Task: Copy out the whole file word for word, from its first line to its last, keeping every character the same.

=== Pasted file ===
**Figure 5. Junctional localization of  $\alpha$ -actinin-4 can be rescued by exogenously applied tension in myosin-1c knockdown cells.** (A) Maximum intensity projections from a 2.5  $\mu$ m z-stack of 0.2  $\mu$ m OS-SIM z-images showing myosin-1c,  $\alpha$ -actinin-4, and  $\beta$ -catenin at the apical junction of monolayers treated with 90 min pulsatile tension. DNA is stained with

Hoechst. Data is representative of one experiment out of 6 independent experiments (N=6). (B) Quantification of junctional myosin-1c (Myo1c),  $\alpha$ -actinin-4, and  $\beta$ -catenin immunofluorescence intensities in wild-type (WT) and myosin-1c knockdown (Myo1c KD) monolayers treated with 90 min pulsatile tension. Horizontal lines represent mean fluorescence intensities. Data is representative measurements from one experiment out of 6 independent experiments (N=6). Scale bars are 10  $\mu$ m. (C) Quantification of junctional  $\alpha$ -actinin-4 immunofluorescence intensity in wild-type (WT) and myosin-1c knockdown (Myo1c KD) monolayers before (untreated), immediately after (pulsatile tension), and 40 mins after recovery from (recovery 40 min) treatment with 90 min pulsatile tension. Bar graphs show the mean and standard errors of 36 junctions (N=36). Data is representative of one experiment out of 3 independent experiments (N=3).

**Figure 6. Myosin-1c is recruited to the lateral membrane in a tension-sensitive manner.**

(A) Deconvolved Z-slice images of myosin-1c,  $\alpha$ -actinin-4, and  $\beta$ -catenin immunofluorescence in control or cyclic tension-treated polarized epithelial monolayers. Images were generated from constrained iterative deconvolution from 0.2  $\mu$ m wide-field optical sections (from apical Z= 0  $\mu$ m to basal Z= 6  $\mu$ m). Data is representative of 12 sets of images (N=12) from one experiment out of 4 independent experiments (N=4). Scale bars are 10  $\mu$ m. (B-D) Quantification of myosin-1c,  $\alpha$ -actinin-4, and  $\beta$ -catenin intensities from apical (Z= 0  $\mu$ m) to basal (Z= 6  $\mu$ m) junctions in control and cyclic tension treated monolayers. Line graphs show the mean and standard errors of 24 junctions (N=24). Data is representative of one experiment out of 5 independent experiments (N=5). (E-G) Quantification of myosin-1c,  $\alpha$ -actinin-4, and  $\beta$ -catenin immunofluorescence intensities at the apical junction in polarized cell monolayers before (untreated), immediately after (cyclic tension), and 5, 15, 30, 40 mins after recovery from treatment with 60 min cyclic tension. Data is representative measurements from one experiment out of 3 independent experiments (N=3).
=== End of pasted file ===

**Figure 5. Junctional localization of  $\alpha$ -actinin-4 can be rescued by exogenously applied tension in myosin-1c knockdown cells.** (A) Maximum intensity projections from a 2.5  $\mu$ m z-stack of 0.2  $\mu$ m OS-SIM z-images showing myosin-1c,  $\alpha$ -actinin-4, and  $\beta$ -catenin at the apical junction of monolayers treated with 90 min pulsatile tension. DNA is stained with

Hoechst. Data is representative of one experiment out of 6 independent experiments (N=6). (B) Quantification of junctional myosin-1c (Myo1c),  $\alpha$ -actinin-4, and  $\beta$ -catenin immunofluorescence intensities in wild-type (WT) and myosin-1c knockdown (Myo1c KD) monolayers treated with 90 min pulsatile tension. Horizontal lines represent mean fluorescence intensities. Data is representative measurements from one experiment out of 6 independent experiments (N=6). Scale bars are 10  $\mu$ m. (C) Quantification of junctional  $\alpha$ -actinin-4 immunofluorescence intensity in wild-type (WT) and myosin-1c knockdown (Myo1c KD) monolayers before (untreated), immediately after (pulsatile tension), and 40 mins after recovery from (recovery 40 min) treatment with 90 min pulsatile tension. Bar graphs show the mean and standard errors of 36 junctions (N=36). Data is representative of one experiment out of 3 independent experiments (N=3).

**Figure 6. Myosin-1c is recruited to the lateral membrane in a tension-sensitive manner.**

(A) Deconvolved Z-slice images of myosin-1c,  $\alpha$ -actinin-4, and  $\beta$ -catenin immunofluorescence in control or cyclic tension-treated polarized epithelial monolayers. Images were generated from constrained iterative deconvolution from 0.2  $\mu$ m wide-field optical sections (from apical Z= 0  $\mu$ m to basal Z= 6  $\mu$ m). Data is representative of 12 sets of images (N=12) from one experiment out of 4 independent experiments (N=4). Scale bars are 10  $\mu$ m. (B-D) Quantification of myosin-1c,  $\alpha$ -actinin-4, and  $\beta$ -catenin intensities from apical (Z= 0  $\mu$ m) to basal (Z= 6  $\mu$ m) junctions in control and cyclic tension treated monolayers. Line graphs show the mean and standard errors of 24 junctions (N=24). Data is representative of one experiment out of 5 independent experiments (N=5). (E-G) Quantification of myosin-1c,  $\alpha$ -actinin-4, and  $\beta$ -catenin immunofluorescence intensities at the apical junction in polarized cell monolayers before (untreated), immediately after (cyclic tension), and 5, 15, 30, 40 mins after recovery from treatment with 60 min cyclic tension. Data is representative measurements from one experiment out of 3 independent experiments (N=3).